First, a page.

We came across Marvin Address at a food truck in downtown Washington. He owns an insurance company now, but his first job was in the Air Force working as an air traffic controller. He was nervous on his first day -- so jittery, he lined up two planes to take off. Facing each other.
“And I got a call in the tower," he says. "And the pilot said, 'Tower, am I looking at another airplane that’s coming my way?'”
Luckily, Address was able to re-route the planes and no one was hurt. But he learned an important lesson that day: Keep your eyes open -- literally.
Another lesson might be "know thyself." Victoria Hernandez got a job at a chocolate bar factory a few years ago -- not knowing she was pregnant and suffering from morning sickness. She says, “I guess the aroma got to me so bad."
Yeah, you know what happened next.
“I threw up all over the conveyor belt," she says. "And all over the chocolate bars and everything. They had to shut down the whole left side of the building because of me."
Kathy Caprino is a career coach. She says if you screw up, or throw up, the first day on the job, admit your mistake. If it’s not too serious, try to laugh it off. But she says it’s best to try to prevent first-day slip ups in the first place.
“Get hip to your own trip,"she says. "What are the things that could trip you up? Look at those and protect against those."
And here’s some advice that could help our new Treasury Secretary. If you’re a new manager, you embody the hopes and fears of your workplace. Or, in Jack Lew’s case, your country. Just do your best. Don’t take anything personally. And have a thick skin. We asked our Facebook fans for their own first day horror stories. Here's what you told us.
[View the story "Worst first days on the job" on Storify]
Much has been made of politicians' unwillingness to negotiate in these last hours leading up to the possible budget sequestration. But not negotiating happens all the time in the business world, says Ed Brodow, a negotiation expert who helps a variety of people and institutions. In business, a tough stance simply means deal or no deal. Will we make money, or lose money?
"In the business world they're much more pragmatic about this," he says. "There's no excuse for not getting the job done because you have to be responsible to your shareholders."
But politicians have a much different relationship with constituents. Looking tough can take precedence over practical matters.
"So they'll go out and make all kinds of outlandish statements," he says. "We're not going to do this and we're going to do that, and then they get into a closed room and they make a deal."
Which is what will eventually happen, he says. But we may have to go over the edge first. Thomas Kockan at the MIT Sloan School of Management says that happens in labor negotiations. The sequester situation reminds him of an air traffic control strike in 1981. The industry and the union were each too beholden to their constituents.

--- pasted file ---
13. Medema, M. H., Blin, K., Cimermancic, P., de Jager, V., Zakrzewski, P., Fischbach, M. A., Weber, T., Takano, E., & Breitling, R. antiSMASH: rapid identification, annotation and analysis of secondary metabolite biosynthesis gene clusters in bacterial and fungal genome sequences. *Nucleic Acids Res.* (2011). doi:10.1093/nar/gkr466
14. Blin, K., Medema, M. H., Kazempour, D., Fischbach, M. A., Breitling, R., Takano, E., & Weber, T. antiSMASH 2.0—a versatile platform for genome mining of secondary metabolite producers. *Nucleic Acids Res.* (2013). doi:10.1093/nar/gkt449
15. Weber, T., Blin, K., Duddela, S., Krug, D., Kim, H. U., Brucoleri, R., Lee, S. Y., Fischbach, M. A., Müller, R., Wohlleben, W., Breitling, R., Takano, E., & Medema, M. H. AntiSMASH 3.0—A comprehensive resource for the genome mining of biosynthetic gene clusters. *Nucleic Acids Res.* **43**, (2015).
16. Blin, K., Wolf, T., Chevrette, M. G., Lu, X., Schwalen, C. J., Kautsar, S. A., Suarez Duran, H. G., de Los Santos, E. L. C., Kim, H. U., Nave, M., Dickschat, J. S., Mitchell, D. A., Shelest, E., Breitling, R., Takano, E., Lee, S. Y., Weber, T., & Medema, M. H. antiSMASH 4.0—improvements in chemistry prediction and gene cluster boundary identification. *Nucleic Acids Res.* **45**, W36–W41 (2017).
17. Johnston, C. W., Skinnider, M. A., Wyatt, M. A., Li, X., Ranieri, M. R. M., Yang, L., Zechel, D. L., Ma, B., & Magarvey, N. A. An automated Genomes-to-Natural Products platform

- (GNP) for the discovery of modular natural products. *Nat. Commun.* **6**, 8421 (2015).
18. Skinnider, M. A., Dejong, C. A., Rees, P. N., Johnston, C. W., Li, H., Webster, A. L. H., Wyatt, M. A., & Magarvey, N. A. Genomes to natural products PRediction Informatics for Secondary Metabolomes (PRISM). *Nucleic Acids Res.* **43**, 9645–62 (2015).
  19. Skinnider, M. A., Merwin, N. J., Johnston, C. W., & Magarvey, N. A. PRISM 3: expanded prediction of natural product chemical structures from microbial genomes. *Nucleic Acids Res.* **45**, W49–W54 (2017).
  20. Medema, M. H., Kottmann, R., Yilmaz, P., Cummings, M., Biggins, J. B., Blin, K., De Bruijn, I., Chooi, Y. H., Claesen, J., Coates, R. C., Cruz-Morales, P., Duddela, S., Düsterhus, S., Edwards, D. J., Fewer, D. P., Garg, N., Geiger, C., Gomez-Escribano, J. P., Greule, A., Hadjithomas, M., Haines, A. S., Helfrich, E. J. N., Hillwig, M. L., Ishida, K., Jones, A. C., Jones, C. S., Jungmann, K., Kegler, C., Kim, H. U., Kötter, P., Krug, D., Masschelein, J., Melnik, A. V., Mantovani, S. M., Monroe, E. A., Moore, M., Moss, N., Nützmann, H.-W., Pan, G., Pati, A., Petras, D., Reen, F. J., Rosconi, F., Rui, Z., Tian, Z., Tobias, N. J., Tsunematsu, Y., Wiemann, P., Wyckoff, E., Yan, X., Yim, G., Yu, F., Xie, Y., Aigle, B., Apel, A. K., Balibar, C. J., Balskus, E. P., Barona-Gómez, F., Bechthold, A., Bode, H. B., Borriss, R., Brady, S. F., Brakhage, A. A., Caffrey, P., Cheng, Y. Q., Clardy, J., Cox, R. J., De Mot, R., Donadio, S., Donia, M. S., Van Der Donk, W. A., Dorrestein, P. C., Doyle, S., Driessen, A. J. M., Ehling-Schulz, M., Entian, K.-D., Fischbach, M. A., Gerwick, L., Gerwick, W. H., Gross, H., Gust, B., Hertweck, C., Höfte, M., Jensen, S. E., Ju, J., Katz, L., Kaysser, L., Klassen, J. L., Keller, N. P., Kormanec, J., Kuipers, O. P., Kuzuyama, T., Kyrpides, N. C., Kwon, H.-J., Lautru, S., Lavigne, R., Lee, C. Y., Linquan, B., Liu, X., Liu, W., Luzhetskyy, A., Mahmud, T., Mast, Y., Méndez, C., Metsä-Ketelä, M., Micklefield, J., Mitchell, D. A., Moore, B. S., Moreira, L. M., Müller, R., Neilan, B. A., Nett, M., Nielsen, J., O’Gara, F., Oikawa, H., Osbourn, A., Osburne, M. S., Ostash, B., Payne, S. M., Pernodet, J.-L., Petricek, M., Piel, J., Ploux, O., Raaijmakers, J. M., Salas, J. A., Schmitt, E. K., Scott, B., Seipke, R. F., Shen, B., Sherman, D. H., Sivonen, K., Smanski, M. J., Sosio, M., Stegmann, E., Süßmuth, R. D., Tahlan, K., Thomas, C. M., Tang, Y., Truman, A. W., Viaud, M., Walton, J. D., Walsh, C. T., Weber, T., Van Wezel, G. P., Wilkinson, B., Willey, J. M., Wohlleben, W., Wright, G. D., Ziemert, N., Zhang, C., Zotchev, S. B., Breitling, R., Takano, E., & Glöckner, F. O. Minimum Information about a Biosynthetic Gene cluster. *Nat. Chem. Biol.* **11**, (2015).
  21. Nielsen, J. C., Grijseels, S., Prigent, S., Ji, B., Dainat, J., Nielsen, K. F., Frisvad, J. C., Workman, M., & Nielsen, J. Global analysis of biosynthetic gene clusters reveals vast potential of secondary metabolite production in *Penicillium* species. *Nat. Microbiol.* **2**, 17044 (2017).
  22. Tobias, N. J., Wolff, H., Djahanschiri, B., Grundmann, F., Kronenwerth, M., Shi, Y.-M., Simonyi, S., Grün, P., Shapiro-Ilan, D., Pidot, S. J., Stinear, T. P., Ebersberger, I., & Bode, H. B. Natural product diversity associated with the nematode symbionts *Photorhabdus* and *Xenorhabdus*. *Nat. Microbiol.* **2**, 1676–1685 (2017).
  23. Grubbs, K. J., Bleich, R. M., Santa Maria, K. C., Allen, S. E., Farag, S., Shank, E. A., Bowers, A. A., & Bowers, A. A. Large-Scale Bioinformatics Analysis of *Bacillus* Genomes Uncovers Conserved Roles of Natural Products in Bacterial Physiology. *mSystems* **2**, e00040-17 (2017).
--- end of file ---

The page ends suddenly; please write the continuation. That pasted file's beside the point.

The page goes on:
"Both parties allowed themselves to get backed into those corners, and the result was a disaster for everyone," he says.
Lots of jobs and money were lost, and an entire industry had to be rebuilt. He says after the sequester takes effect, negotiation will be more likely, but also more difficult. Making deals once the parties are fully in crisis mode makes everything more tense, he says.
John Siegel is a mediator in the Washington, D.C., area who works with families. He says all the nasty language being thrown around shows that, despite their griping and grousing, politicians are still not really in crisis mode. Because if they were, they'd act and speak very differently.
"When the moment of crisis comes they don't say things to deliberately upset the other people," he says, "because they need the other people for a solution."
Listen for that change in language in the next week or two, he says, as reality of the budget sequestration hits home.
Sturm, Ruger, the publicly traded gun maker, reported a 50 percent increase in sales for 2012. Most of that increase came before the school massacre in Connecticut in December. Sturm, Ruger's CEO, Mike Fifer, told analysts the surge resulted in part from the "current political environment" beginning with President Obama's re-election campaign.
Fifer told analysts today he wishes the Connecticut-based company had amassed a bigger inventory. "We would have sold all of it and then more. But we didn't. And so, all we could sell is what we could make each week."
Fifer says Sturm, Ruger won't be able to build up that inventory for a while now, at least until demand slows down. By the end of last year, it had a backlog a million and a half guns long.
Rommel Dionisio is a firearms analyst with Wedbush Securities. He says that, when it comes to growth, gun makers are very cautious. "One of the real hesitations on the part of the manufacturers to build capacity is the realization that the surge is not going to be that sustainable," he said.
It's also hard for suppliers to keep up with new demand. Gun sales spiked when Bill Clinton was elected, and when Barack Obama became president. Dionisio says that, in both those cases, gun sales came to a halt one year later. By then, everyone had all the guns they wanted.
The United States expends a lot of energy trying to keep illicit stuff from entering this country: guns, drugs, even illegal immigrants. But Peter Andreas points out that smuggling and piracy were a financial foundation of colonial American society.
Andreas is a political scientist at Brown University, and has a new book out called "Smuggler Nation." He says that, before the Revolution, smuggling was de rigeur.
"You were ripping off the Crown. You could be considered kind of a patriotic smuggler," Andreas says.
That all changed once the U.S. became an independent nation. The newly formed government needed revenue.